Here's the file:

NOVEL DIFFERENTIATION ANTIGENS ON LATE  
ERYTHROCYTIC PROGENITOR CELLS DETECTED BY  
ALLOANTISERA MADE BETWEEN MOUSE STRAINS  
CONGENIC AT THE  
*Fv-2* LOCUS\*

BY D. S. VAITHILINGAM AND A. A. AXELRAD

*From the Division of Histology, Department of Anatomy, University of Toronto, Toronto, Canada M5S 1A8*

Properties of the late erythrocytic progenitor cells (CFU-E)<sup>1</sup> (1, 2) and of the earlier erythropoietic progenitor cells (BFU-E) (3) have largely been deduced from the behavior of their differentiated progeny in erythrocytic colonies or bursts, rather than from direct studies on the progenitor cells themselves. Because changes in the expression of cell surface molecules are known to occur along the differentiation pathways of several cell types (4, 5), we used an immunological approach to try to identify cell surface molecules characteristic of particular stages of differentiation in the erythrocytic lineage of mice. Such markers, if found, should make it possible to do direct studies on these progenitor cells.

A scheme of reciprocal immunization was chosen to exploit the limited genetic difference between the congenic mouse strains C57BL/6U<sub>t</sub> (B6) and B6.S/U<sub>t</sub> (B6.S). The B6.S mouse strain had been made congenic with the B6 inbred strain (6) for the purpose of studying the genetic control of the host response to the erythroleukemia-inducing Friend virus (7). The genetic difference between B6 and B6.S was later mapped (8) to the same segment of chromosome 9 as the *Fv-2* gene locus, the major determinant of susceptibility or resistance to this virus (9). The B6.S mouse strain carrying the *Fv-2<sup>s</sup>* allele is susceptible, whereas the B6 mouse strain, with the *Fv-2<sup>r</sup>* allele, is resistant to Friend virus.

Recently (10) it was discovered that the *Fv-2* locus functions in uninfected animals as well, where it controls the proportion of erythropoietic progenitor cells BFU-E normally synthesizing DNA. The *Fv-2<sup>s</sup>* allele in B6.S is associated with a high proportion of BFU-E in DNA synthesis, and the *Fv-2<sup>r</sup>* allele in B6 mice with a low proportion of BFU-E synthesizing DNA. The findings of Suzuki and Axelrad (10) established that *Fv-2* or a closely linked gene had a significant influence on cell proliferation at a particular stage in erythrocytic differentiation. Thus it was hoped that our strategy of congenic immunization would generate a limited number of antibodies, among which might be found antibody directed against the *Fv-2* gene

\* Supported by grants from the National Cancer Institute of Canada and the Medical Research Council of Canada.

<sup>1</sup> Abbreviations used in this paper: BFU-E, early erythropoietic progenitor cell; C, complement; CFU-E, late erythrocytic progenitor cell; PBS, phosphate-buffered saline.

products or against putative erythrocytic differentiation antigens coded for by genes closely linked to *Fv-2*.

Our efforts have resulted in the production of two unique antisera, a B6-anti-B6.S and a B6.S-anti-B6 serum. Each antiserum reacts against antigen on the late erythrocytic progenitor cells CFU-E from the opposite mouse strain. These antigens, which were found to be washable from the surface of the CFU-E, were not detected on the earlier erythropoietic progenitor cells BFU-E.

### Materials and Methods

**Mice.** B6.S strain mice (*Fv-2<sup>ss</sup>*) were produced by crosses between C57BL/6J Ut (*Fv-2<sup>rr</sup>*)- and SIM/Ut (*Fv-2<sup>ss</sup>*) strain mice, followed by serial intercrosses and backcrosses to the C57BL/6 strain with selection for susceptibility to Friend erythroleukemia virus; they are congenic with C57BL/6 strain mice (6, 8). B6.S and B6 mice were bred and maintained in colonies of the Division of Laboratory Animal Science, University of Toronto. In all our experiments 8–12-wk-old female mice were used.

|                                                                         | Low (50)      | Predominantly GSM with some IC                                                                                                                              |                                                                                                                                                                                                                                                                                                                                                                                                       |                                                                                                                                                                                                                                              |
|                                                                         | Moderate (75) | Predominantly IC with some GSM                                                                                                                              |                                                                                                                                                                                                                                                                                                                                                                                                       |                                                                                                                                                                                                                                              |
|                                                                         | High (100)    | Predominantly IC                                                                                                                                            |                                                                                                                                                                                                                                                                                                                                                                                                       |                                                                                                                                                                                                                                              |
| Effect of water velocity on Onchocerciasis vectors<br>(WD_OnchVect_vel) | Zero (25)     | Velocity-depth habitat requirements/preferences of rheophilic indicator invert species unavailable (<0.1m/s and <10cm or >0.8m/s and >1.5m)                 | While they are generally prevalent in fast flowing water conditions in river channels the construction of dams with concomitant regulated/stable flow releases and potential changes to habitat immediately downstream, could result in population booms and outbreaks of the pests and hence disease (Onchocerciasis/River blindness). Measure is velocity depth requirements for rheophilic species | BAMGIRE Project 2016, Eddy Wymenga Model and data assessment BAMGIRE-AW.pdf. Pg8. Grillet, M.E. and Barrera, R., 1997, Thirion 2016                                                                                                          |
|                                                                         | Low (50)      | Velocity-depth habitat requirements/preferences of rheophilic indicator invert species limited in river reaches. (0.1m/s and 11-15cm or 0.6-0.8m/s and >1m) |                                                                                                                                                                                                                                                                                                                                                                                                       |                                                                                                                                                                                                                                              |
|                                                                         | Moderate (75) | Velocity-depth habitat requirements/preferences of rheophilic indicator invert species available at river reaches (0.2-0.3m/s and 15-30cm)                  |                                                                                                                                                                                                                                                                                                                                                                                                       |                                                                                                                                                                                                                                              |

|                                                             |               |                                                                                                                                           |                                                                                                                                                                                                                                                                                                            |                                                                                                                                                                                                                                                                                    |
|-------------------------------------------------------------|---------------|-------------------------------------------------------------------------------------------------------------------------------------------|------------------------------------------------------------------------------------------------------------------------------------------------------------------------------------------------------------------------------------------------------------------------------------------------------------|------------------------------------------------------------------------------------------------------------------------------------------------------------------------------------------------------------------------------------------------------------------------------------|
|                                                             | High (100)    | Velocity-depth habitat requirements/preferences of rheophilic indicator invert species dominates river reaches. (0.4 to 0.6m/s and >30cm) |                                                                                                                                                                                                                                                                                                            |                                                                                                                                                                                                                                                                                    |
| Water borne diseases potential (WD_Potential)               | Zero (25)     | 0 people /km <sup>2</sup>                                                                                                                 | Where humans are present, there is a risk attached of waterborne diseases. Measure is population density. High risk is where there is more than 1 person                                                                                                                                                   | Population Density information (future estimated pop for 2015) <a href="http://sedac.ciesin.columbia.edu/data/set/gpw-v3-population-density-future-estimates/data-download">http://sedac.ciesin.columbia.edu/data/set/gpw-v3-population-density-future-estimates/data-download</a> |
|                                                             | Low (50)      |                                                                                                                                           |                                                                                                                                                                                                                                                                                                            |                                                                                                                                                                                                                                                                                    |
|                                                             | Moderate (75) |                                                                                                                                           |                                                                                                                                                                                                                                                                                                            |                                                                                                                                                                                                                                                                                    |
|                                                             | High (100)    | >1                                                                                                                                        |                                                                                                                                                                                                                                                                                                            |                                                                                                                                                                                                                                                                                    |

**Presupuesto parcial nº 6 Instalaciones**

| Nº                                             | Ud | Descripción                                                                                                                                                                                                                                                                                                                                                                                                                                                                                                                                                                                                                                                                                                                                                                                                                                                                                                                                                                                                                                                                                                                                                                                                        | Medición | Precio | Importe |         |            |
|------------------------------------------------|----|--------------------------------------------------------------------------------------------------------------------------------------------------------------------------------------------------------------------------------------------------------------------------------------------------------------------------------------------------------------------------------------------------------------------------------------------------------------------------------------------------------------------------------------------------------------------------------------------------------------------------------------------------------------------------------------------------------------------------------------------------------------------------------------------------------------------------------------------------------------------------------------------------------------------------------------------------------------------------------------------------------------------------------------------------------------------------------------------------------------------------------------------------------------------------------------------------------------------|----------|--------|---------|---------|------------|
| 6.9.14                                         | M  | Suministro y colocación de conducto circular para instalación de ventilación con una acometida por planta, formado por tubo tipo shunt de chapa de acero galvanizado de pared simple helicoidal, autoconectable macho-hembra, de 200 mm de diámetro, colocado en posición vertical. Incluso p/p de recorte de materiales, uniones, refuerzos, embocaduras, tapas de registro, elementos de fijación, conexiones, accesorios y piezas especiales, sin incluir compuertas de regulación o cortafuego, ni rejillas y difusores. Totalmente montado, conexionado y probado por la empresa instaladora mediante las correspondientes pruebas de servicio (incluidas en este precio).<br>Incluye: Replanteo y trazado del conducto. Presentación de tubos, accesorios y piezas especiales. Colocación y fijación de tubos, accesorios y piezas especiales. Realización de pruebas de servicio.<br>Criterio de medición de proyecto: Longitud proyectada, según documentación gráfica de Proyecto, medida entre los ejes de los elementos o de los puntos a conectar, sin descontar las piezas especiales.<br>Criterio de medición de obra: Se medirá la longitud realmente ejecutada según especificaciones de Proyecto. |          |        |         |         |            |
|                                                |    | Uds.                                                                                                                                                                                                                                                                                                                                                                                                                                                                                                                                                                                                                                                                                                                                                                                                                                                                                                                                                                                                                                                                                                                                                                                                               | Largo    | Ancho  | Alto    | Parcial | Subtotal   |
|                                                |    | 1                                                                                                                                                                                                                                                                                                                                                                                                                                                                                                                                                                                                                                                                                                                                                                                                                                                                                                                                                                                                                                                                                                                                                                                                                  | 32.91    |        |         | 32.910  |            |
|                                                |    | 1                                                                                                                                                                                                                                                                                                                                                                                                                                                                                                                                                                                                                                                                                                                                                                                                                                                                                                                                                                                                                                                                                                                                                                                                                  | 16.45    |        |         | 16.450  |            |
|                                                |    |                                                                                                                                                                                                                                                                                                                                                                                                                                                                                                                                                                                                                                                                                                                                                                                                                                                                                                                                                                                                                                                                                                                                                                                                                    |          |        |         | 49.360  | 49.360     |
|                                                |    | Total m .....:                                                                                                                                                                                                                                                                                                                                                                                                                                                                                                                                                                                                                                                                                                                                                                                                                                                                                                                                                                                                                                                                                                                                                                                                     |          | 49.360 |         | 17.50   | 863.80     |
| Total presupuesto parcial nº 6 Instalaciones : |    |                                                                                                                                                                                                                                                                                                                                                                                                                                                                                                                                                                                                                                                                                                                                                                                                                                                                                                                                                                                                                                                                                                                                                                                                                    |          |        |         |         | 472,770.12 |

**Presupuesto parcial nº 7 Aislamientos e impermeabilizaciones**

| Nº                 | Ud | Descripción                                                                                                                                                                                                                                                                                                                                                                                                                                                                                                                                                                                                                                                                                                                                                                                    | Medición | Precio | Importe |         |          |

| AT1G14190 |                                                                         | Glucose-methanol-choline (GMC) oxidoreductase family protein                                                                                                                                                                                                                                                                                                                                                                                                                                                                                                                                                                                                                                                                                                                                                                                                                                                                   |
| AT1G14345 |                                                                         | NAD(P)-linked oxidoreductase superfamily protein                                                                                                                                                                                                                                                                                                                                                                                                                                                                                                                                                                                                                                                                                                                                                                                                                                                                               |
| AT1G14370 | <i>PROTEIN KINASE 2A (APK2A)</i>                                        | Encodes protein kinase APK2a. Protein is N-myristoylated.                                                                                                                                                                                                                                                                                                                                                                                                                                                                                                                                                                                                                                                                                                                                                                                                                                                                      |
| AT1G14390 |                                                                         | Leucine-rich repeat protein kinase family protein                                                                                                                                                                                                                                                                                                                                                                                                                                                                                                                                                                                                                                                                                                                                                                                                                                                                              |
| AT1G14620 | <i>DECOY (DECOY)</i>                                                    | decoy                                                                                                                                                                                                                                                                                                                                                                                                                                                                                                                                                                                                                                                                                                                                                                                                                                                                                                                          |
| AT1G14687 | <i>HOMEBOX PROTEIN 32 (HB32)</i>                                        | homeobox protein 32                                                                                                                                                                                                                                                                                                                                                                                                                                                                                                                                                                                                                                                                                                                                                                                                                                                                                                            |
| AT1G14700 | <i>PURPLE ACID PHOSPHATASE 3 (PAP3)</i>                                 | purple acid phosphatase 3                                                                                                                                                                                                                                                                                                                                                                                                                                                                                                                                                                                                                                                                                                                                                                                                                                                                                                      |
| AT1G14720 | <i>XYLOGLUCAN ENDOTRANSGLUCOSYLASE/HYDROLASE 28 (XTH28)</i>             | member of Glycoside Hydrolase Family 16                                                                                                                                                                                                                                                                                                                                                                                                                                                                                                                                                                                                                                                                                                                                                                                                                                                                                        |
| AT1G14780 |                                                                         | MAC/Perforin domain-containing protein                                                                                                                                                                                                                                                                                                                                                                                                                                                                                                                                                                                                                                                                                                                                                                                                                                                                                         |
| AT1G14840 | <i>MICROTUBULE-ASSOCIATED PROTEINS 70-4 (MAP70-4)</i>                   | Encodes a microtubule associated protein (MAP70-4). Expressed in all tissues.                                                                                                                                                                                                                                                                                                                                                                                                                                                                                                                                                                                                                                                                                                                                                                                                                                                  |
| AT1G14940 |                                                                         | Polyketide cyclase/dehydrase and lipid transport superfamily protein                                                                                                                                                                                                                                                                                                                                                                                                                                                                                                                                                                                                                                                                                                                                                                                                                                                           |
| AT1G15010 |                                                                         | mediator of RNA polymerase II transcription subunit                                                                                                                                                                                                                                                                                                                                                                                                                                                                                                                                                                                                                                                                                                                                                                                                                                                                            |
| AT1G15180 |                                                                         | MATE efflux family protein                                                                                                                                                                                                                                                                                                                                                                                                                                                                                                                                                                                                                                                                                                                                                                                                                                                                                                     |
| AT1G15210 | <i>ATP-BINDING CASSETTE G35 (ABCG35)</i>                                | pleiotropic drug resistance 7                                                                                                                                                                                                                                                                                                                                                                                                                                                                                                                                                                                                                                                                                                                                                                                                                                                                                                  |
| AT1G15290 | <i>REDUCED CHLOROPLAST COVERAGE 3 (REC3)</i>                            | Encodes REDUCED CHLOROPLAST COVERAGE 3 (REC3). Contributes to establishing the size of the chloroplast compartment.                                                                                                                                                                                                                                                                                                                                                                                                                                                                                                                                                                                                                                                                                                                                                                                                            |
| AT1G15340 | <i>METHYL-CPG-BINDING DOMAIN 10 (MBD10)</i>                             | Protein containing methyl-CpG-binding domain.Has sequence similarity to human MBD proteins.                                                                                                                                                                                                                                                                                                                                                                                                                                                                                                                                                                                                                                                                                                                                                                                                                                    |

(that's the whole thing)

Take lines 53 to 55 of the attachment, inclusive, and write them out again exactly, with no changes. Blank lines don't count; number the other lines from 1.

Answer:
| AT1G15010 |                                                                         | mediator of RNA polymerase II transcription subunit                                                                                                                                                                                                                                                                                                                                                                                                                                                                                                                                                                                                                                                                                                                                                                                                                                                                            |
| AT1G15180 |                                                                         | MATE efflux family protein                                                                                                                                                                                                                                                                                                                                                                                                                                                                                                                                                                                                                                                                                                                                                                                                                                                                                                     |
| AT1G15210 | <i>ATP-BINDING CASSETTE G35 (ABCG35)</i>                                | pleiotropic drug resistance 7                                                                                                                                                                                                                                                                                                                                                                                                                                                                                                                                                                                                                                                                                                                                                                                                                                                                                                  |